Charts and caffeine: Goldman Sachs reinstates buy on BHP despite iron ore headwinds

The Morning Wrap

Livewire Markets

Welcome to another edition of Charts and Caffeine - our daily markets wrap featuring the best charts and reads from across Livewire's team of expert editors. Let's get you caught up on the overnight session.


  • S&P 500 - 4,177 (+1.84%)
  • NASDAQ - 12,893 (+2.75%)

US markets went for a run overnight but at the company level, earnings continued to reflect macro strains. Microsoft (NAS:MSFT) cut sales and earnings guidance for the current quarter, citing the impact of a stronger US dollar. 

In contrast, Hewlett Packard (NYSE:HPQ) shares slumped after missing the street's estimates for earnings and revenue. I wonder if this will boost Carl Icahn's case for a merger with Xerox? For a primer, see here. 

Finally, Hormel Foods (NYSE:HRL) recorded a double-digit boost to earnings but did flag that the price of your turkey could be going up because of - get this - bird flu.

Not the turkeys!
  • FTSE 100 - 7,533 (-0.98%)
  • STOXX 600 - 441 (+0.57%)

Note light trading volumes in the UK because of the Queen's Jubilee Bank Holiday.

  • USD Index - 101.77 (-0.71%)
  • Treasury yields unch
  • Gold - US$1,872/oz (+1.29%)
  • WTI Crude - US$117.44/bbl (+1.87%)

Oil prices rose overnight despite OPEC+ agreeing to increase the size of its supply hikes by about 50%. However - infrastructure constraints are still a big problem for the cartel. Countries that have been unable to raise production will still be allocated the higher quota. That could mean that the actual supply boosts are smaller than the official figure.


The labour force report hits tonight in the United States and as always, it'll be very closely watched. The tight labour market is a known story all over the world. Analysts are expecting the unemployment rate to tick down to 3.5% after 325,000 more jobs are created.

The big story will be in the average hourly earnings and in the hiring fatigue. Job openings fell by nearly half a million in April, narrowing the historically large gap between vacant positions and available workers but only slightly. But let this stat sink in for a second.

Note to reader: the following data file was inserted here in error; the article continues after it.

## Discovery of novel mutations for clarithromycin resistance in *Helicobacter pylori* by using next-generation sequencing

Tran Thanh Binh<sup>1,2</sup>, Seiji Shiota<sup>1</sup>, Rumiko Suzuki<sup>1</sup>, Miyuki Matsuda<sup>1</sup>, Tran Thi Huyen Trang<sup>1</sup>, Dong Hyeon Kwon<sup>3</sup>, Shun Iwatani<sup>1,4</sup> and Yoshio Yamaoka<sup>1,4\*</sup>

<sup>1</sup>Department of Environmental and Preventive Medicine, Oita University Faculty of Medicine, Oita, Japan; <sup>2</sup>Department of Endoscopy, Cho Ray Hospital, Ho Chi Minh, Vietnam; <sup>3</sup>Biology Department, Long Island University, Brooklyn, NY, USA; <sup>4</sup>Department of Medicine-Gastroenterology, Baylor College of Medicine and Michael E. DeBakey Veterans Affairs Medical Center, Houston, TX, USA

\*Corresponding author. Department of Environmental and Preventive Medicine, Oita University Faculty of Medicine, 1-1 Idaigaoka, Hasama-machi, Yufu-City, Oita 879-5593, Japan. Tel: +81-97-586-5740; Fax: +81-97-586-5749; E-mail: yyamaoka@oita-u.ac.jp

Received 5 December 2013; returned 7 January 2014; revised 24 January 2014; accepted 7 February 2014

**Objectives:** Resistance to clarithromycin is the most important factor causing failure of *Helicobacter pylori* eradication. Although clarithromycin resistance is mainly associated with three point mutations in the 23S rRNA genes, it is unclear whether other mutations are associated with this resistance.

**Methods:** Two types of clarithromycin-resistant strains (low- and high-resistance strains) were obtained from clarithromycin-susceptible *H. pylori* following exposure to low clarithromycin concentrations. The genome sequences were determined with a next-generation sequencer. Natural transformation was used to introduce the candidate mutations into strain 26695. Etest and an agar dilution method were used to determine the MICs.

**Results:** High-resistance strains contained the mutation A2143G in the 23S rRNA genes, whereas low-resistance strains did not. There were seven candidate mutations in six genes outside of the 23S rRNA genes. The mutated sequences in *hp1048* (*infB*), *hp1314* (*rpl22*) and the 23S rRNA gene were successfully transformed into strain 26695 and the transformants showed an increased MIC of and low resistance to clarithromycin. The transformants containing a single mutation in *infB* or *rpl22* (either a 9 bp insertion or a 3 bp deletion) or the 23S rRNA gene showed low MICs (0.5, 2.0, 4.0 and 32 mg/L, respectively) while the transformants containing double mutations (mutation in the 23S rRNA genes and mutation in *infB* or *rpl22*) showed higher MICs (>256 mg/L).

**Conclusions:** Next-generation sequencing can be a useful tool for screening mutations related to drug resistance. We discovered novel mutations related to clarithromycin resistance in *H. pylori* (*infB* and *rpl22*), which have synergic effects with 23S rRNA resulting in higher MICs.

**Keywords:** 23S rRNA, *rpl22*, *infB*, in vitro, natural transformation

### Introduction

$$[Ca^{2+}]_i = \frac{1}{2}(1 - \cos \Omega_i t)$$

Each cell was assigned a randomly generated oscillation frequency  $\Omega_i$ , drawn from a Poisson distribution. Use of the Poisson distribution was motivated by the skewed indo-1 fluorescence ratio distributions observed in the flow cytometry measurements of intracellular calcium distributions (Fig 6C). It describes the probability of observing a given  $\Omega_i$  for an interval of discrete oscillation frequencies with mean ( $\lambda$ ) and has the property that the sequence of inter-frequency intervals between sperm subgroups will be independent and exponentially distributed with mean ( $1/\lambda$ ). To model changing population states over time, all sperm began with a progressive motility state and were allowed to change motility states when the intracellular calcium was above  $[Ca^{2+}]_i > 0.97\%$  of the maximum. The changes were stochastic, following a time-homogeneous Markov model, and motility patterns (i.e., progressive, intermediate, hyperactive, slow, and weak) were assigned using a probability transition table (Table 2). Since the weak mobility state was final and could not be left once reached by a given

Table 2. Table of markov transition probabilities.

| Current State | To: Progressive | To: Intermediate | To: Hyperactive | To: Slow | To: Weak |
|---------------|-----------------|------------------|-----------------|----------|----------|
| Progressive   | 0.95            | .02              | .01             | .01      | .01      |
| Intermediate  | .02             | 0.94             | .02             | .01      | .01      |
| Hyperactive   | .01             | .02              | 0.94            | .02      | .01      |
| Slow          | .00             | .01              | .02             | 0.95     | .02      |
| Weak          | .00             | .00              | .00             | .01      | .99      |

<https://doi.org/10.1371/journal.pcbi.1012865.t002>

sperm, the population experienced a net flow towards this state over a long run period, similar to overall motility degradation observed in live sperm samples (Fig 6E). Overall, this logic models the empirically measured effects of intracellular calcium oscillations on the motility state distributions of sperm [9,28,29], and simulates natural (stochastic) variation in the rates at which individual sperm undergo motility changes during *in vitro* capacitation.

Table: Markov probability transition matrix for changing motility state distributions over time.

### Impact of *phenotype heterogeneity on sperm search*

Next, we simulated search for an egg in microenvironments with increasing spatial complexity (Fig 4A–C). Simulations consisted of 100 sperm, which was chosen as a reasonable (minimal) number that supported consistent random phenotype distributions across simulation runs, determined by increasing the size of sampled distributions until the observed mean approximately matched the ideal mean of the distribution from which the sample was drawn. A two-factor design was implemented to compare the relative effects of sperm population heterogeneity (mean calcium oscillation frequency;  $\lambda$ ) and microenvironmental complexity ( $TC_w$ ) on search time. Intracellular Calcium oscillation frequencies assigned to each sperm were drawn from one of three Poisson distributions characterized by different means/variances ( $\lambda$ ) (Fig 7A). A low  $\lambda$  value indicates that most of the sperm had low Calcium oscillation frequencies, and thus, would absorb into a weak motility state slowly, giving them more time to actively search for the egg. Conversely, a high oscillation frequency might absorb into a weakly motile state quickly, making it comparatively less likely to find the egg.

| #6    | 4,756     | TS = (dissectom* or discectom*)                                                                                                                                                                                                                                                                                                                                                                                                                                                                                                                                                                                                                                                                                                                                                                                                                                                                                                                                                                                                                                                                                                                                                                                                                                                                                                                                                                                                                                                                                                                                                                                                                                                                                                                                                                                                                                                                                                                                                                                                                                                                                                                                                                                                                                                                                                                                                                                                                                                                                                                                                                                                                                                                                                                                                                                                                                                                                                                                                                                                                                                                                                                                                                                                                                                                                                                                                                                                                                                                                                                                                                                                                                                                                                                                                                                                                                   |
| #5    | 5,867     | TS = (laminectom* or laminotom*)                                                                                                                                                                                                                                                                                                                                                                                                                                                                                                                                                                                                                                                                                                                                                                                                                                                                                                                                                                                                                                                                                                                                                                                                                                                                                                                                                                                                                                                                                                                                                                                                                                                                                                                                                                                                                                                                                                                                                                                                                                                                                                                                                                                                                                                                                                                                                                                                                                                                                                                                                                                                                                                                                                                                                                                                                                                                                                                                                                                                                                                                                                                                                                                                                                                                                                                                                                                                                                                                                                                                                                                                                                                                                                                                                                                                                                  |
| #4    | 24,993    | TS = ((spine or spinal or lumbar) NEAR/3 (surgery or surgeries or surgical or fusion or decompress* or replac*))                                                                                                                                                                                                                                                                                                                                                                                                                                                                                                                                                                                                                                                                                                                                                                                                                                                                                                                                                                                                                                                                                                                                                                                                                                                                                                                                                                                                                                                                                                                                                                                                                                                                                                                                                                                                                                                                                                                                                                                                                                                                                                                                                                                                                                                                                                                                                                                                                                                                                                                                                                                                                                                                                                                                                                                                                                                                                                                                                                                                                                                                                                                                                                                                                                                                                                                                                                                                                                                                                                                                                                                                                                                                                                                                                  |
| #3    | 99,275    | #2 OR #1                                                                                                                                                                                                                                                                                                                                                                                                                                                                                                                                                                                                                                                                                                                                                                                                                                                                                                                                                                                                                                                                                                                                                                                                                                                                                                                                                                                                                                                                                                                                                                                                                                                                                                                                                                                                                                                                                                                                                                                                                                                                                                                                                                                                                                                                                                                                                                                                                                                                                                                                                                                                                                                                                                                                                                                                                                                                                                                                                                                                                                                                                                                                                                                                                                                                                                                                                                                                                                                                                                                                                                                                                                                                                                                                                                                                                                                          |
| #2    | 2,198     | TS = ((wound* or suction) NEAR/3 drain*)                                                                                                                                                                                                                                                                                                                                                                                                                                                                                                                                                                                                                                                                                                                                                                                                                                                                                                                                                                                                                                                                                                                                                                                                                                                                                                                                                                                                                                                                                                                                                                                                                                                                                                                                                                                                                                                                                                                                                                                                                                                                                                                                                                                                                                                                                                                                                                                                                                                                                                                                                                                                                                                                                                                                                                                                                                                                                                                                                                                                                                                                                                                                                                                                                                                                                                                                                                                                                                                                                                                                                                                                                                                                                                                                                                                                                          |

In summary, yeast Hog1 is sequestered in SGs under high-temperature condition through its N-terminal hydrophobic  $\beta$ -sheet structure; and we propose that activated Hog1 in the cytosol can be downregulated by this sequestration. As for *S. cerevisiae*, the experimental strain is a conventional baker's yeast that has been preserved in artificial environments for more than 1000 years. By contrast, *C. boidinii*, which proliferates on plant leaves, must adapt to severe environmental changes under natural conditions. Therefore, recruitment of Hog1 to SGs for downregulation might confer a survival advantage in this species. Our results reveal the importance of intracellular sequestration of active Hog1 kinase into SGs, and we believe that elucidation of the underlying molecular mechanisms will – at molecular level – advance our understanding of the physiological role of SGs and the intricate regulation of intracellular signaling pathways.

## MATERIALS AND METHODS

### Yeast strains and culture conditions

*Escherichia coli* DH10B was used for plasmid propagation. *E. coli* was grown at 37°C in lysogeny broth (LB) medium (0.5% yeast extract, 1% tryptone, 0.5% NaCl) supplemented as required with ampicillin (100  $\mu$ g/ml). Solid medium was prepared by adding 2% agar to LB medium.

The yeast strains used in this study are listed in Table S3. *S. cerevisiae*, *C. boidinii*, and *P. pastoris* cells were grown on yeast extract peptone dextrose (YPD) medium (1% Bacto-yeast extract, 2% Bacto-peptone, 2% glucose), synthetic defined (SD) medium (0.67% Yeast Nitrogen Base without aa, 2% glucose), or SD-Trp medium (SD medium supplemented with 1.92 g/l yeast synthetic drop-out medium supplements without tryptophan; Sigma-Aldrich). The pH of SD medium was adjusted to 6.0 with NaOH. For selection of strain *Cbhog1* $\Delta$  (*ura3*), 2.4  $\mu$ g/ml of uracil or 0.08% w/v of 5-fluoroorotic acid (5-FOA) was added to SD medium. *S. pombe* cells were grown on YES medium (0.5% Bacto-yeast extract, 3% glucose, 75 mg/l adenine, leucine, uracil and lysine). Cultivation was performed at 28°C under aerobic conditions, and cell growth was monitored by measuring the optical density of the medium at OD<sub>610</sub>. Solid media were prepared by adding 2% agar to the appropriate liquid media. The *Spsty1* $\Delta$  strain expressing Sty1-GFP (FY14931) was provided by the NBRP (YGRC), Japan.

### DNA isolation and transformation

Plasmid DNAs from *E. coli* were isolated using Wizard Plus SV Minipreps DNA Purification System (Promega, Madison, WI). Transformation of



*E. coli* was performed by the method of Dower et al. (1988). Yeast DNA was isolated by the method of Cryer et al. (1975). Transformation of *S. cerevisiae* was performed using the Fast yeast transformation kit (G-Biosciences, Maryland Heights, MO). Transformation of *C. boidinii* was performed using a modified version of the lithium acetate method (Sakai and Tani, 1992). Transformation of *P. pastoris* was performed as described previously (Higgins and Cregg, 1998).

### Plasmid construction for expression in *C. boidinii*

There are still nearly two jobs for every American who wants one.

Average hourly earnings are tipped to come in around 0.4% higher for the month, but we'll see how true that come 10:30pm Sydney time.


Our stock of the day is BHP (ASX: BHP), and it's all thanks to this note from Goldman Sachs:

We reinstate BHP with a Buy rating post the completed oil merger on attractive valuation & free cash flow, and upside from copper growth.

The thesis is long (17 pages for one stock, to be precise) but here is the essential gist of it. Just because it's demerged its oil assets doesn't mean it can't maintain its share price premium and competitive advantage. These are the reasons the team gave:

  • Ongoing superior iron ore margins and operating performance
  • High returning copper growth/strong position in seaborne coal
  • Lower iron ore replacement and decarbonisation CAPEX. 
  • Higher exposure to lower operating jurisdictions such as Australia and Canada

This view seems to be in some contrast to Macquarie (ASX: MQG) who believes that time is running out for iron ore. Analysts at that broker wouldn’t be surprised to see prices moving higher again in the near term as market focus shifts back to rapidly drawing inventories and underperforming supply. But as always, it comes down to China - no or less stimulus means fewer projects and less iron ore. For its part, ANZ's (ASX: ANZ) commodities guru Daniel Hynes argues the iron ore price may have now found a floor but that upside is probably limited.

Even if iron ore does correct dramatically, the Big Three have had a comparatively good run against the rest of the market.